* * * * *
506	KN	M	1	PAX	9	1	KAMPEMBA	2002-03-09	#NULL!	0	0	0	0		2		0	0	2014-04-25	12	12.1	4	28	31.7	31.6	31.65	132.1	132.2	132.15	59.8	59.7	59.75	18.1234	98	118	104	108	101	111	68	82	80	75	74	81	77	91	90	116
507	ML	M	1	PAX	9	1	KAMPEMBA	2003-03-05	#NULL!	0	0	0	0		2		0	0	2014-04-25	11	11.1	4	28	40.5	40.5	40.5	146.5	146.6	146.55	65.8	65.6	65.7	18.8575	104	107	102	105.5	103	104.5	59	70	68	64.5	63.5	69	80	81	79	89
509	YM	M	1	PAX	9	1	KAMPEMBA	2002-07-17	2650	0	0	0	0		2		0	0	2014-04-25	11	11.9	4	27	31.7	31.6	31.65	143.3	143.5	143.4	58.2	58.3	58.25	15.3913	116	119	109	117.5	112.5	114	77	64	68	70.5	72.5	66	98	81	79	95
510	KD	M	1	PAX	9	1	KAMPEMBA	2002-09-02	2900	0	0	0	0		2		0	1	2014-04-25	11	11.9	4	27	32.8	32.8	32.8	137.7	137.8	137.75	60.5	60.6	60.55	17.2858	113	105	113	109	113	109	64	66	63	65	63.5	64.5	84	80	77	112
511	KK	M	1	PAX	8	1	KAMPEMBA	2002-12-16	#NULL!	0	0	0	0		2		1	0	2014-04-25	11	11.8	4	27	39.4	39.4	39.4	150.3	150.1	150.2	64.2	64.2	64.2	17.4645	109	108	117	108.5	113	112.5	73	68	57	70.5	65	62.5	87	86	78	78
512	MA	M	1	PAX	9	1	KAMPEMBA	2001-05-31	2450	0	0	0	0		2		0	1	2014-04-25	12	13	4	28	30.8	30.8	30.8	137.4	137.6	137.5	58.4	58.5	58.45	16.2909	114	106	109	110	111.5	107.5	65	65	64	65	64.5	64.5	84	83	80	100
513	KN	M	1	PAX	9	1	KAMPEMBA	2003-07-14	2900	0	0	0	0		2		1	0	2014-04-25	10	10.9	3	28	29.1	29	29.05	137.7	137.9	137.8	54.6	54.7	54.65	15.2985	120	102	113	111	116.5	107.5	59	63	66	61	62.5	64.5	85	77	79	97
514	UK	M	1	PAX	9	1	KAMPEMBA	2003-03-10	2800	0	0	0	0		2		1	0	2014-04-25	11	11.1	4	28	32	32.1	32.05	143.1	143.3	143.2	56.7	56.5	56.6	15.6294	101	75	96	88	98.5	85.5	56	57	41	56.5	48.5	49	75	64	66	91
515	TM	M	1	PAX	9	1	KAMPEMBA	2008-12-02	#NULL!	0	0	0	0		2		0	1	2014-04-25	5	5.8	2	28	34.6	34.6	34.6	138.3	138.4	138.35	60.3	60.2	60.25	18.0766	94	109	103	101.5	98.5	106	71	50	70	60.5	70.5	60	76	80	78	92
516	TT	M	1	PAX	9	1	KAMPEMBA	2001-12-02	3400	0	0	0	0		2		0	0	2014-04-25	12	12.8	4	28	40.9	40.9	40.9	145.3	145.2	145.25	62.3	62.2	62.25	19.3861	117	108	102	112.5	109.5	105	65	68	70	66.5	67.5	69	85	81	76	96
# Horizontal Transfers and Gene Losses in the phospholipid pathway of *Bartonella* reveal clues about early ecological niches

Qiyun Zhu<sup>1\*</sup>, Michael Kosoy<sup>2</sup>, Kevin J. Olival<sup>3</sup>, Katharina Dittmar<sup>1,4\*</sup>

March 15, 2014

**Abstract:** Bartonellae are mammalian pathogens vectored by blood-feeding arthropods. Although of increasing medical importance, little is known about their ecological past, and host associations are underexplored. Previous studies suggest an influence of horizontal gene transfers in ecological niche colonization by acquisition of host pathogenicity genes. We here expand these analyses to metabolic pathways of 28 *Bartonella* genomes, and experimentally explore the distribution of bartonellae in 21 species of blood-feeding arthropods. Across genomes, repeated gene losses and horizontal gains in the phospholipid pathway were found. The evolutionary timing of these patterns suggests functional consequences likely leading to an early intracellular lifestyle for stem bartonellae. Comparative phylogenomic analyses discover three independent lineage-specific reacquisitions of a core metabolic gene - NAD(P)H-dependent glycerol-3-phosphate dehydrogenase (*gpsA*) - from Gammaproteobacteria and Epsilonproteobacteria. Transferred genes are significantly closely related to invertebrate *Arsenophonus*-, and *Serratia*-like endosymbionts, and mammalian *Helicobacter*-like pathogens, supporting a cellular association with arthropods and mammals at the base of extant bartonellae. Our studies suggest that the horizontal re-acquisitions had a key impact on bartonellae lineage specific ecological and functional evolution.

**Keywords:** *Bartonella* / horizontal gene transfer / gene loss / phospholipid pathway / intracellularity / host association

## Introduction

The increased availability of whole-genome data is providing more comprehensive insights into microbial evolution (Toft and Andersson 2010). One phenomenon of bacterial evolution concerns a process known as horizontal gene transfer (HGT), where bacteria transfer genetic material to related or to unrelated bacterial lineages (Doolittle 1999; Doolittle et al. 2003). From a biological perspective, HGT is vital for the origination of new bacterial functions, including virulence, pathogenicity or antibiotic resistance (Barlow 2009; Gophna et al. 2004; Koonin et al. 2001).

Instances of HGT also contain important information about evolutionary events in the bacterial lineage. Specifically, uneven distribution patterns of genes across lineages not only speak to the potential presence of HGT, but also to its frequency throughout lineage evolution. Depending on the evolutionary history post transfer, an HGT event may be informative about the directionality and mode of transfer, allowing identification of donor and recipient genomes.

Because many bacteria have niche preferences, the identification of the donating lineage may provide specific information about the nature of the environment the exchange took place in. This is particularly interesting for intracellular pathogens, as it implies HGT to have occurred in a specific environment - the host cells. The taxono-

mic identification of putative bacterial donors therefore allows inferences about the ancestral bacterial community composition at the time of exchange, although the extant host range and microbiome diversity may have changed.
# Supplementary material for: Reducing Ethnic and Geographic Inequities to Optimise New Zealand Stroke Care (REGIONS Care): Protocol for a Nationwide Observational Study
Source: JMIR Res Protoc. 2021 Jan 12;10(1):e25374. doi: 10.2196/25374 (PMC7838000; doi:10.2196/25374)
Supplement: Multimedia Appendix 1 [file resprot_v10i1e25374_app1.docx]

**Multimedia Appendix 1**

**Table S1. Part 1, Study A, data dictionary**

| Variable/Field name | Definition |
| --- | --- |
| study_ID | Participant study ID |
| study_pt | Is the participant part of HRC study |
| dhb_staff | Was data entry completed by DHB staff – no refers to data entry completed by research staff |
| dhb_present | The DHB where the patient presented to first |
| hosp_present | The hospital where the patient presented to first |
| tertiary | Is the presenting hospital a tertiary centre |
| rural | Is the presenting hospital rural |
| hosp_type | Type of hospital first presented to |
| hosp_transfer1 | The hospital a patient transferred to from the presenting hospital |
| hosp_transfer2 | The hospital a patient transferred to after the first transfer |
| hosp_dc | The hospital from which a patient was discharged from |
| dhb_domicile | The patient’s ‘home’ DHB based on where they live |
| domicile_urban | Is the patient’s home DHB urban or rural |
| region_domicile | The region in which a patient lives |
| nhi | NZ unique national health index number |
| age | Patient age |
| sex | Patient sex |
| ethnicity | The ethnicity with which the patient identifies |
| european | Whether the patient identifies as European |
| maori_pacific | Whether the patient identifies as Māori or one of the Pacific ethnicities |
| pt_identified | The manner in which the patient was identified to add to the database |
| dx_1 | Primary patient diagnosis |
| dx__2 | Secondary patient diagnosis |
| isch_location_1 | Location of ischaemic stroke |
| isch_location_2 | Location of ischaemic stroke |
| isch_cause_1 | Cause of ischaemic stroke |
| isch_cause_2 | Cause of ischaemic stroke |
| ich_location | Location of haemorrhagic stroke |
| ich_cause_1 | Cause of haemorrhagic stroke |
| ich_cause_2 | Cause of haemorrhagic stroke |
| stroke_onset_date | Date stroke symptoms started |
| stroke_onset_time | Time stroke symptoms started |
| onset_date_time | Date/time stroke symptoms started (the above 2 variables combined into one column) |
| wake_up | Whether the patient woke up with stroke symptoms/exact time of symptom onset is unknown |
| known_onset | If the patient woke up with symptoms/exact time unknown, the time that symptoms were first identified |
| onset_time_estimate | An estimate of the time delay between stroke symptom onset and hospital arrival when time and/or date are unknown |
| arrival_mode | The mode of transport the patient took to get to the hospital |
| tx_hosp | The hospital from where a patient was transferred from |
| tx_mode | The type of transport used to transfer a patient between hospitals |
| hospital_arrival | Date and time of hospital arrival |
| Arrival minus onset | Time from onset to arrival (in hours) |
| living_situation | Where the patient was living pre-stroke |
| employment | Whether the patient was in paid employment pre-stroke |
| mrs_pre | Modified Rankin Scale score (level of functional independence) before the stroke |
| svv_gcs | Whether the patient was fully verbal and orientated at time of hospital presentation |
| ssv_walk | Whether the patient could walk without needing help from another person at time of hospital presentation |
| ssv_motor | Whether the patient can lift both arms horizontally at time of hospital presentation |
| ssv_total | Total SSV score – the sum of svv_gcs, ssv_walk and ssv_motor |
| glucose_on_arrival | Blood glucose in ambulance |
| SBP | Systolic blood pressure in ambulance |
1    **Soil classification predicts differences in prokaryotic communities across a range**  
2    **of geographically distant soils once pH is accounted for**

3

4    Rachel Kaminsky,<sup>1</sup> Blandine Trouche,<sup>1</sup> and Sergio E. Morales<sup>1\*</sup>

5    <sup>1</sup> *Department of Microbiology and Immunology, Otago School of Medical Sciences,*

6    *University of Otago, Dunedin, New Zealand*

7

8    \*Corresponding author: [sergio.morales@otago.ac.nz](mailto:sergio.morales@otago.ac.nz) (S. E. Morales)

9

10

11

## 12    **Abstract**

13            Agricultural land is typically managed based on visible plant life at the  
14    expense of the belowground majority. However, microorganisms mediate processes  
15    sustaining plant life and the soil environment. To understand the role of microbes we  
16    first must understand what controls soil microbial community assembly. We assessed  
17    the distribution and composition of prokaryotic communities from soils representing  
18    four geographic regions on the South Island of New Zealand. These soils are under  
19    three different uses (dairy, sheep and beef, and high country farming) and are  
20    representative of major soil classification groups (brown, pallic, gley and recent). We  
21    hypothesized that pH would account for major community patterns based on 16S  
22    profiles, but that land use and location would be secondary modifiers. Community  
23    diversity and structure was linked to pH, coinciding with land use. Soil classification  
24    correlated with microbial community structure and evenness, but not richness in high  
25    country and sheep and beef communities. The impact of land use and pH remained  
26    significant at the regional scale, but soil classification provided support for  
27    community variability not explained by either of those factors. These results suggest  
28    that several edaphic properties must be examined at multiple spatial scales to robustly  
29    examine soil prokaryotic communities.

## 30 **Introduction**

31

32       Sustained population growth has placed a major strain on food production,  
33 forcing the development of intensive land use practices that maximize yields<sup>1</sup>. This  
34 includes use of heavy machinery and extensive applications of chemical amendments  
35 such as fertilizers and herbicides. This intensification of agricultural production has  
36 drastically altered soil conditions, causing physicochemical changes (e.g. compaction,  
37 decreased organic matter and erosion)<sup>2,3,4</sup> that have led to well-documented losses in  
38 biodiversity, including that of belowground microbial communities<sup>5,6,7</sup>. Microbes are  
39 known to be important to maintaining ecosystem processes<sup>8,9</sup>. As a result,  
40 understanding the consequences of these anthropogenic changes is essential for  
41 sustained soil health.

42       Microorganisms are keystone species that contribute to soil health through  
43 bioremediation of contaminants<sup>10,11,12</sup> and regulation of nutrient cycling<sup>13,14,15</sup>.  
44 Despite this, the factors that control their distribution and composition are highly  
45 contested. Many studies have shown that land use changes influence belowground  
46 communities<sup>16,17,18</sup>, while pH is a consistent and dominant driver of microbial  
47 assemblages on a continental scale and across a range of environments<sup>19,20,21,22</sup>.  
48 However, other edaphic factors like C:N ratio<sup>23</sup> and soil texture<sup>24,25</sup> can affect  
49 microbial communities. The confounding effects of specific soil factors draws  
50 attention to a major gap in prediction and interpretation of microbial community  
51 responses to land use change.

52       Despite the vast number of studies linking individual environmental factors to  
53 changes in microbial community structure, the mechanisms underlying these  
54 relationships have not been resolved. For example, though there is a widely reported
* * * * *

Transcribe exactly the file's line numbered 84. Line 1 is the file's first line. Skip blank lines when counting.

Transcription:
7